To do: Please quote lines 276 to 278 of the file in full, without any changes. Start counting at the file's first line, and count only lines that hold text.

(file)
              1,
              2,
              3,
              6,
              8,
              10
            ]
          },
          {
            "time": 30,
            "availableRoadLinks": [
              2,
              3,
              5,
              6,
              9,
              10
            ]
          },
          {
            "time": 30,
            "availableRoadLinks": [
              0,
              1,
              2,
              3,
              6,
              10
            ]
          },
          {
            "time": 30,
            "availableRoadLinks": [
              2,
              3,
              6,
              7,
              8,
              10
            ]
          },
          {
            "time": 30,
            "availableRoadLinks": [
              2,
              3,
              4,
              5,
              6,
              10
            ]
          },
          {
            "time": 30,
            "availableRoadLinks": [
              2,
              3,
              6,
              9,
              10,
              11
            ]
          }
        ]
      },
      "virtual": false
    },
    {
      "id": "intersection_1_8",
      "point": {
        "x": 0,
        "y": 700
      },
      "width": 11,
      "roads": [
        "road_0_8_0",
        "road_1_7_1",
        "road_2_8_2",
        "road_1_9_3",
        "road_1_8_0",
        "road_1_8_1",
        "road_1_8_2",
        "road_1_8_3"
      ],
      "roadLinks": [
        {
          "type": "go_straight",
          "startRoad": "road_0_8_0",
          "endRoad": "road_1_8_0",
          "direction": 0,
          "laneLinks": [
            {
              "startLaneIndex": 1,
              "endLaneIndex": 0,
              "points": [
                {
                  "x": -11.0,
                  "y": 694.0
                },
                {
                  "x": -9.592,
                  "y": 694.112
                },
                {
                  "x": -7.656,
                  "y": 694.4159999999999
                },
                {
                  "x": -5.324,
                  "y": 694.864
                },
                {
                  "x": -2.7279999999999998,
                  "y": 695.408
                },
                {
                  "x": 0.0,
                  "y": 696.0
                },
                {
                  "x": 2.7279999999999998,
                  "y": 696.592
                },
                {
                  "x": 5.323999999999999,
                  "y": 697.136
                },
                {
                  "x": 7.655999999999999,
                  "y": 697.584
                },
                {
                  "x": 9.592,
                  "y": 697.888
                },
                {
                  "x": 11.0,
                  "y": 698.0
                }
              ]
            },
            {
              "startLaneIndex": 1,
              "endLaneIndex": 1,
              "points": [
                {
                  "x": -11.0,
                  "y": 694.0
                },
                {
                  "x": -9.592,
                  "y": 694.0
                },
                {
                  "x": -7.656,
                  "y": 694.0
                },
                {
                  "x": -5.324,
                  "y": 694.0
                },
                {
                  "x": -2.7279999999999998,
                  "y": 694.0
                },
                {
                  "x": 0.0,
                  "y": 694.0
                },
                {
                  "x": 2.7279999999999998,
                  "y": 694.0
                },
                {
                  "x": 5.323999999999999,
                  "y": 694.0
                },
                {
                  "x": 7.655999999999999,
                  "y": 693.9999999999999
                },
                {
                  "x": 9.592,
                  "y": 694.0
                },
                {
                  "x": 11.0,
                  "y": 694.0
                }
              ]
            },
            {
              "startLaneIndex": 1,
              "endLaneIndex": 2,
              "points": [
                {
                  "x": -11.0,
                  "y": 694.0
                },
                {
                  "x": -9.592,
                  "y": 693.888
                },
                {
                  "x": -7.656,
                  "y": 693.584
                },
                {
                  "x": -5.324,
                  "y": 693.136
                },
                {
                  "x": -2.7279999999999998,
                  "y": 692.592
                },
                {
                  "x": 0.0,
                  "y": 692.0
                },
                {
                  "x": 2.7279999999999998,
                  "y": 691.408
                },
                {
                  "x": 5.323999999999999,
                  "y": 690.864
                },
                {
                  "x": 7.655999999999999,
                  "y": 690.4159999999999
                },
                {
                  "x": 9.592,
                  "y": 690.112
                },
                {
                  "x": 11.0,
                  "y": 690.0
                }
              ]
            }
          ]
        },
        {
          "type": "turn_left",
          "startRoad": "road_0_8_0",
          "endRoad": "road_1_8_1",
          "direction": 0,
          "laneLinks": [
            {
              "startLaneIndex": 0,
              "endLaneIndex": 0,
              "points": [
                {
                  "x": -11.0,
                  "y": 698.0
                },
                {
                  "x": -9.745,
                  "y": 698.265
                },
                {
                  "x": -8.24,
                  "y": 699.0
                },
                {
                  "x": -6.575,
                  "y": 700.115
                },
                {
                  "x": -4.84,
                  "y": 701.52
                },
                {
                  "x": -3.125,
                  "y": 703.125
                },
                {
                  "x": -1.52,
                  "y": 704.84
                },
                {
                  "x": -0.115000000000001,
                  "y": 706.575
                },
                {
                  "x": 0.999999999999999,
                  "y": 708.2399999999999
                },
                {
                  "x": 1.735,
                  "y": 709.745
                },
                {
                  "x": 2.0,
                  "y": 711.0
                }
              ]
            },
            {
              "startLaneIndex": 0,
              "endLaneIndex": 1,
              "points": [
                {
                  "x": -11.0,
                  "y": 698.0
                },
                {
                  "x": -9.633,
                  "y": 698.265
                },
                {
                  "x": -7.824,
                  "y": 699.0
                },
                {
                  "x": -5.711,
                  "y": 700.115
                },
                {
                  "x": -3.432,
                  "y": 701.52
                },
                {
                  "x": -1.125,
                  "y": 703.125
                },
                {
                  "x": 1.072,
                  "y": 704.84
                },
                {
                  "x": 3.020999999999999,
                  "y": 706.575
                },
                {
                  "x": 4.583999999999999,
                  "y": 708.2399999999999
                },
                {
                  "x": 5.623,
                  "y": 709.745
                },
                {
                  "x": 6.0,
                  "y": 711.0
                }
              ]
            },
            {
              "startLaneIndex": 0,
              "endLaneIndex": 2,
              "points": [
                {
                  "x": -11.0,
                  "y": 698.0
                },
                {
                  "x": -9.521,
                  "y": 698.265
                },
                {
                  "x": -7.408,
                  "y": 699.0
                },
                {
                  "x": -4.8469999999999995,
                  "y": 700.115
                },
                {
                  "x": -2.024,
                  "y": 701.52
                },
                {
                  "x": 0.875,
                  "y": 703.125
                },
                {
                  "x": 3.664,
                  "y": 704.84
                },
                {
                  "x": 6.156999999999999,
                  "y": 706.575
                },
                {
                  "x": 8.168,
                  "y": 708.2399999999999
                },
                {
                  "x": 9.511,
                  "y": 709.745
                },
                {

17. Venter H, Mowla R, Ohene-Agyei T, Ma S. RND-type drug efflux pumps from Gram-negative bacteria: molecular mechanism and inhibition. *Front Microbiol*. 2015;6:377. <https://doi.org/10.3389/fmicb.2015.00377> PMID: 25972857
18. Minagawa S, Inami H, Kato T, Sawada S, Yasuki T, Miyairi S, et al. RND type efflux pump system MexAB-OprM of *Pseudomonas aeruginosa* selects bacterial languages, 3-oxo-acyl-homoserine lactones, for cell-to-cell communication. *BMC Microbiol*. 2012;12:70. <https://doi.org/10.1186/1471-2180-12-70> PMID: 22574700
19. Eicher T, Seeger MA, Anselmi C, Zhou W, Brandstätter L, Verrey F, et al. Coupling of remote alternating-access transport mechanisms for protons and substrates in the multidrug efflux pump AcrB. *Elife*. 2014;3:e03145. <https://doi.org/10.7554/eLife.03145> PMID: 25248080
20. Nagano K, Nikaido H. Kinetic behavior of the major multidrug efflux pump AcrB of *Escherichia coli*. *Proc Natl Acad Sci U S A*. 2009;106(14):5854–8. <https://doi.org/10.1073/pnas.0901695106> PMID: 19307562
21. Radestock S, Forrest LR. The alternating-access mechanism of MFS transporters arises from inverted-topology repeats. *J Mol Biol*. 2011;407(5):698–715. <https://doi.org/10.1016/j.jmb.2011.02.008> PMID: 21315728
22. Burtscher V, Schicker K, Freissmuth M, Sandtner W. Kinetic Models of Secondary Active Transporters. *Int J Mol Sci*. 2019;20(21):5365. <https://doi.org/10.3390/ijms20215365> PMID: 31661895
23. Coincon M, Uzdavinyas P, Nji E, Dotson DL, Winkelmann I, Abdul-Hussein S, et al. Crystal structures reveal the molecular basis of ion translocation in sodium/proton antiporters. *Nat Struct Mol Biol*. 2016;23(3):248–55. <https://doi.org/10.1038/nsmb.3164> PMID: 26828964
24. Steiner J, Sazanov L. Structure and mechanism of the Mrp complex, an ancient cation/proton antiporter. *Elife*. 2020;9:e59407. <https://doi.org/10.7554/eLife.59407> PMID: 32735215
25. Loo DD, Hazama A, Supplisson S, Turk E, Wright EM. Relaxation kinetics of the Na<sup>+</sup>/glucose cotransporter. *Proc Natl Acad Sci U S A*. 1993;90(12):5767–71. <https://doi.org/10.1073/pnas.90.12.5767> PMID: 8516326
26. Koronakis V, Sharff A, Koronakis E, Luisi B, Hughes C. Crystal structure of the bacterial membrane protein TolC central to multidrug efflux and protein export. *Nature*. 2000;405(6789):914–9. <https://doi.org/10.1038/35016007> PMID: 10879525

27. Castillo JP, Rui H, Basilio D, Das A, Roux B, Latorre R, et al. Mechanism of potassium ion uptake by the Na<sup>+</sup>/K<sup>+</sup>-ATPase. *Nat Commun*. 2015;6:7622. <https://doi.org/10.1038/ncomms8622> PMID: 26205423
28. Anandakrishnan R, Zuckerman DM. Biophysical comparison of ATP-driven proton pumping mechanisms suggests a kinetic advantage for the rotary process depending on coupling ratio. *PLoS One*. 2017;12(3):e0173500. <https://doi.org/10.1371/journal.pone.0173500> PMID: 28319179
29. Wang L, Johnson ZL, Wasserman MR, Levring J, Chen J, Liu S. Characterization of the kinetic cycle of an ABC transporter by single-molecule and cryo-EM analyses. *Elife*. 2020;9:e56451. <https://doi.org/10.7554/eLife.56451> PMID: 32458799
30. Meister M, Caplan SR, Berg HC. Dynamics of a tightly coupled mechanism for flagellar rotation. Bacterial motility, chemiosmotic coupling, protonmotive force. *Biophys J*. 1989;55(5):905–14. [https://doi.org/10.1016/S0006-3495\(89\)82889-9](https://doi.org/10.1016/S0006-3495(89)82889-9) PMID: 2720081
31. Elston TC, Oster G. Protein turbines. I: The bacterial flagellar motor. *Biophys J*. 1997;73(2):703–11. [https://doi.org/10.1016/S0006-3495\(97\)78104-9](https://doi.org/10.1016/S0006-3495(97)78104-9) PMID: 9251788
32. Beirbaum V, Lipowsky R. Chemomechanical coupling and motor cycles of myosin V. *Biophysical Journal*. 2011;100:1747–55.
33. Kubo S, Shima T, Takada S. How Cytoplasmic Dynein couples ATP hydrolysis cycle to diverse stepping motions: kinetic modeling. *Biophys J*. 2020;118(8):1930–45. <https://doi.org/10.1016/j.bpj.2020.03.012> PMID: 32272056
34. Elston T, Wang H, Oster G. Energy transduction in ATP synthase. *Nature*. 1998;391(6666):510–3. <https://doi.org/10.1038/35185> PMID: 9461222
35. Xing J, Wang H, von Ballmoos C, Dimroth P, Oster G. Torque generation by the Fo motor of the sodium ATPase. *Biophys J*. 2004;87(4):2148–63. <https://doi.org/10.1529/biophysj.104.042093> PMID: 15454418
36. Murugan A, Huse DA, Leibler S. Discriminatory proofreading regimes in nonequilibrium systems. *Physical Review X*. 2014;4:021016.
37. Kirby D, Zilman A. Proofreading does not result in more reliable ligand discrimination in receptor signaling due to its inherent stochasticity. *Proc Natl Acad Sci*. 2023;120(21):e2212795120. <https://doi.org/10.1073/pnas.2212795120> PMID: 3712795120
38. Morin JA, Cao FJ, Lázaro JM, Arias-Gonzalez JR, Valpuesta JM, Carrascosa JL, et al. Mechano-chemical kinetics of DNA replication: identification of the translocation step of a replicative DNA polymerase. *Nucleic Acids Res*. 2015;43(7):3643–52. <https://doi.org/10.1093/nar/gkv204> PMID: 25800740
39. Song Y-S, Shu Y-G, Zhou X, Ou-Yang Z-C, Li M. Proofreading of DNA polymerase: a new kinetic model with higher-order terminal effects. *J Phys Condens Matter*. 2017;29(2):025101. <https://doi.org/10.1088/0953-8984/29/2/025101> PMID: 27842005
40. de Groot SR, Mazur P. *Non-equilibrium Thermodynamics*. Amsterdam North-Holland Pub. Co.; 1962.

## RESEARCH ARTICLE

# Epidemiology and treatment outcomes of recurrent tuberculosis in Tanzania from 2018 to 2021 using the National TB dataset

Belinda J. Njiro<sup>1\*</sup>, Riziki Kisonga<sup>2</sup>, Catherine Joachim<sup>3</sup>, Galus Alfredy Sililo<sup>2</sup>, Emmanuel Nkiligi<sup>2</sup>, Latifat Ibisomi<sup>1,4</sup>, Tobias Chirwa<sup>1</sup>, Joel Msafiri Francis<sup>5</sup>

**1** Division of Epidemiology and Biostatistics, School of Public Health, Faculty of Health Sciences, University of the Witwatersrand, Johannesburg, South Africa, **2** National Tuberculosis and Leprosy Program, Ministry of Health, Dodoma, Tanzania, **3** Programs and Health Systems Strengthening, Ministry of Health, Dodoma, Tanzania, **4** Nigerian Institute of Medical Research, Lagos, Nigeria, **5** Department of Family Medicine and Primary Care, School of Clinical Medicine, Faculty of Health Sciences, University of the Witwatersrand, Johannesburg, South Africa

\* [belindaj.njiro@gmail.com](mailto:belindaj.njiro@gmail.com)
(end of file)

                  "y": 703.125
                },
                {